One example is the Mama Bears, a fellowship opportunity for Houston-area alumnae with young children. The group, formed in fall 2002 as an offshoot of the Baylor Women's Association, attracted a handful of members in its first year and included activities ranging from park outings to a seminar on child development, says Landers, the Houston alumna. "The 'mom' connection is one of the strongest connections there is. So if you can combine the mom connection with the Baylor connection, that could be really powerful," she says. This fall, the Mama Bears concept expanded to the Dallas/Fort Worth metroplex and is expected to be available in other cities, as well as online, Dr. Lofgren says.
In addition to building a bigger presence in cities where there are large concentrations of graduates -- such as in Houston, Dallas and Fort Worth -- Alumni Services also is building an online presence, Dr. Lofgren says. These virtual communities will be developed and moderated by alumni volunteers who share common interests and have "credibility with people in the community, whether it's virtual or actual," he says.
Career networking and lifelong learning opportunities also are valuable parts of the equation for alumni, he says. Currently, graduates can post or search for job openings through the Alumni Services Web site and attend business seminars in designated cities. The Alumni Network Program is developing volunteer leadership to boost alumni involvement, says Dr. Lofgren, citing the Baylor Business networks in Houston and Dallas as successful examples of this endeavor. Also being considered are continuing education courses for those who live outside of Central Texas.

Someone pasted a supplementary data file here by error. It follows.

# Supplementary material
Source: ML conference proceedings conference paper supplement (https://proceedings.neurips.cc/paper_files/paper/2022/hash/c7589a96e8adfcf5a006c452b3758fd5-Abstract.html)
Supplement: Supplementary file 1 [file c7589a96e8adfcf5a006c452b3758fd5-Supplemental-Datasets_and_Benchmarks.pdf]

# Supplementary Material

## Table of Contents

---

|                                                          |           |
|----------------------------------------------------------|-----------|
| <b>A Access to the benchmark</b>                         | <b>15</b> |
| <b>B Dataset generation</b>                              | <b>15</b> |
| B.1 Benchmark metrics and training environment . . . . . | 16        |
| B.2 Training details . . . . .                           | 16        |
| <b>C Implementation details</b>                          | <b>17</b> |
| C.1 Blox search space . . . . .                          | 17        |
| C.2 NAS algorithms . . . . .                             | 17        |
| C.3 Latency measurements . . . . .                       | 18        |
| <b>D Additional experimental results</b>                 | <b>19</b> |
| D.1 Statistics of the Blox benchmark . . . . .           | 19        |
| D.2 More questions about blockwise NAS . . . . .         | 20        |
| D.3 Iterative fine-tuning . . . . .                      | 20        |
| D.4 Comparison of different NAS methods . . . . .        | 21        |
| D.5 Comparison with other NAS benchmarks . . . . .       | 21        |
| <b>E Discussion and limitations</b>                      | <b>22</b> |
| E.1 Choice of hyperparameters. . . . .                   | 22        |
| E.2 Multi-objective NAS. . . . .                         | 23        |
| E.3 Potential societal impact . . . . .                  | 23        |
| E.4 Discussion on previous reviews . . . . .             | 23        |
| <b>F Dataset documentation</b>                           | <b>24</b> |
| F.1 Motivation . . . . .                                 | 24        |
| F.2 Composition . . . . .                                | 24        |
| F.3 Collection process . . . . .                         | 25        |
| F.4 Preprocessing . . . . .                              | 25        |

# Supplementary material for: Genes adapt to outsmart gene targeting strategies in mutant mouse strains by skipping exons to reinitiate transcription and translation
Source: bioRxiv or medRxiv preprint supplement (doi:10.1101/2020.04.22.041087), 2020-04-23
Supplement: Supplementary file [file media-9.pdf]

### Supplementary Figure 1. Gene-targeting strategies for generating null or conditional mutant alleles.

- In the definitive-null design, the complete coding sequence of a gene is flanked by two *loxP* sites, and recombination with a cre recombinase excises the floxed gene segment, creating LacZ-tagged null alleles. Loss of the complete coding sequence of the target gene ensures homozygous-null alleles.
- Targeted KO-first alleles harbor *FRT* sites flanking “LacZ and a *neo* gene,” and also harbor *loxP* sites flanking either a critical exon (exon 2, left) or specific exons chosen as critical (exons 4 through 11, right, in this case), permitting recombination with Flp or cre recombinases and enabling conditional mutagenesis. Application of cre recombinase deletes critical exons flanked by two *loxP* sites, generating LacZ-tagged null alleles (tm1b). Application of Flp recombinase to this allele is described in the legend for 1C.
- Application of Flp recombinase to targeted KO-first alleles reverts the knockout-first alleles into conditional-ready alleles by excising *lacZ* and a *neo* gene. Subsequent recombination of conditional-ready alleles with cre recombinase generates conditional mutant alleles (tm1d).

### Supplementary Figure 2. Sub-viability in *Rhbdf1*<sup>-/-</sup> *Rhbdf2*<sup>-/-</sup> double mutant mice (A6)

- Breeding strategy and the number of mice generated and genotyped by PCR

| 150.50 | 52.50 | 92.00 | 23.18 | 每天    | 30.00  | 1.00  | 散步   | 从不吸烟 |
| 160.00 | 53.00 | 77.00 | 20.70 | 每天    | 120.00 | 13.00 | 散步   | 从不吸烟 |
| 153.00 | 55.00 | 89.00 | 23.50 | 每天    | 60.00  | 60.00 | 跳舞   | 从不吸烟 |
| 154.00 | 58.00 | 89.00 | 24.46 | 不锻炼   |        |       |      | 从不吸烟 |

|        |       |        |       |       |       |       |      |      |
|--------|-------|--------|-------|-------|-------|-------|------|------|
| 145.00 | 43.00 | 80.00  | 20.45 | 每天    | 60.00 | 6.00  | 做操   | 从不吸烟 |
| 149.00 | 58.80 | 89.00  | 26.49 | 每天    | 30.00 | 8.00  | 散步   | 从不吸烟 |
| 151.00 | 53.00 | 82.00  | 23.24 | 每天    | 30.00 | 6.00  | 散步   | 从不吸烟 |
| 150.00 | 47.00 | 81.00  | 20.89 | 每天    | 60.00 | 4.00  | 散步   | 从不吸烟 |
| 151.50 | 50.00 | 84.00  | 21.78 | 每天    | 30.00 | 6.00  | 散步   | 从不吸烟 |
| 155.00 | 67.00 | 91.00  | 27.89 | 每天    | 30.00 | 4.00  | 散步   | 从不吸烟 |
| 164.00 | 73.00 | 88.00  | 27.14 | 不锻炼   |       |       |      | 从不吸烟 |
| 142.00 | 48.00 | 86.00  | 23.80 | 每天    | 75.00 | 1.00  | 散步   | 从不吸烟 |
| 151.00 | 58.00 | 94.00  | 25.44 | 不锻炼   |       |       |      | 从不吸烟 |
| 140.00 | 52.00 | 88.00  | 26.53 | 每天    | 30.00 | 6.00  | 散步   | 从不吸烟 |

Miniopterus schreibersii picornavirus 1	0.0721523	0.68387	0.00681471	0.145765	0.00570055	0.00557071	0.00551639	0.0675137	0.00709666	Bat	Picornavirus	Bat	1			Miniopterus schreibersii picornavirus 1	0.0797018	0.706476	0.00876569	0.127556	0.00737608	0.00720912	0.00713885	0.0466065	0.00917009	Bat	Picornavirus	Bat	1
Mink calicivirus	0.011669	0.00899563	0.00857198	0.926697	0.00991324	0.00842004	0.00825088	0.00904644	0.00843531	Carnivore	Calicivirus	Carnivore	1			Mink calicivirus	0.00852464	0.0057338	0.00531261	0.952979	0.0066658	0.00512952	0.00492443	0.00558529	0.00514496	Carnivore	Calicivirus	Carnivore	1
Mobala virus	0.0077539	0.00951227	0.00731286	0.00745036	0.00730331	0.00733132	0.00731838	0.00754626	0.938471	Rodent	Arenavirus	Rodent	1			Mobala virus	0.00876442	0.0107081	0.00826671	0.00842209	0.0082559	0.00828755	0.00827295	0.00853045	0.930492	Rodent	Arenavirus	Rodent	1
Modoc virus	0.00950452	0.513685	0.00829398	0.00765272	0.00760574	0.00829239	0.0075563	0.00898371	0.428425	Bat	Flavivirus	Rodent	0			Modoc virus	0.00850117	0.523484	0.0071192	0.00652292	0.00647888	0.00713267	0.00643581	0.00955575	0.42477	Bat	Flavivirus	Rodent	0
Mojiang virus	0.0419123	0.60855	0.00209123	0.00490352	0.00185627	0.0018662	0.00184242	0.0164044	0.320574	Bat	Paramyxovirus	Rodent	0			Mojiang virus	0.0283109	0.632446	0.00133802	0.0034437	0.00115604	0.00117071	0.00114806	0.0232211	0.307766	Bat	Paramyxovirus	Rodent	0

New and future grads also benefit, says Rishi Sriram, coordinator of student and recent graduates program in Alumni Services. This fall, current upperclass students were invited to participate in a program called AIM (Alumni in the Making), which helps equip them to better serve fellow alums in their communities after graduation. An alumni orientation, to be held twice a year for graduating seniors, will help them transition to the work force, where questions about taxes, insurance and countless forms await, he says.
Younger alumni, especially those who have been gone from Baylor less than 10 years, are eager to stay in touch with the University, but have not always had the means by which to do so, says Sriram, BA '01. Young graduate programs in major Texas cities as well as the online communities are helping to address those needs, he says. "Enhancing the Baylor family is about connecting as many people as possible through their connection with Baylor. And by doing that, we're creating something that extends those experiences and relationships."
Dr. Lofgren hopes the message to alumni that their alma mater is there for them will become more pervasive. "I'm wanting the focus to be, 'What can Baylor do for you right now?'" he says. "The University wants to go on record by virtue of its investment in this program to say, we believe it benefits the University when you are served well."
That type of concerted effort does work, says Landers, who already is thinking about where her two children, ages 7 and 3, might attend college. "Houston is such a big city that you don't run into Baylor people every day, so Baylor is sort of in the back of your mind. You need a reminder of how really special it is," she says. "I'd like to share that with my children some day."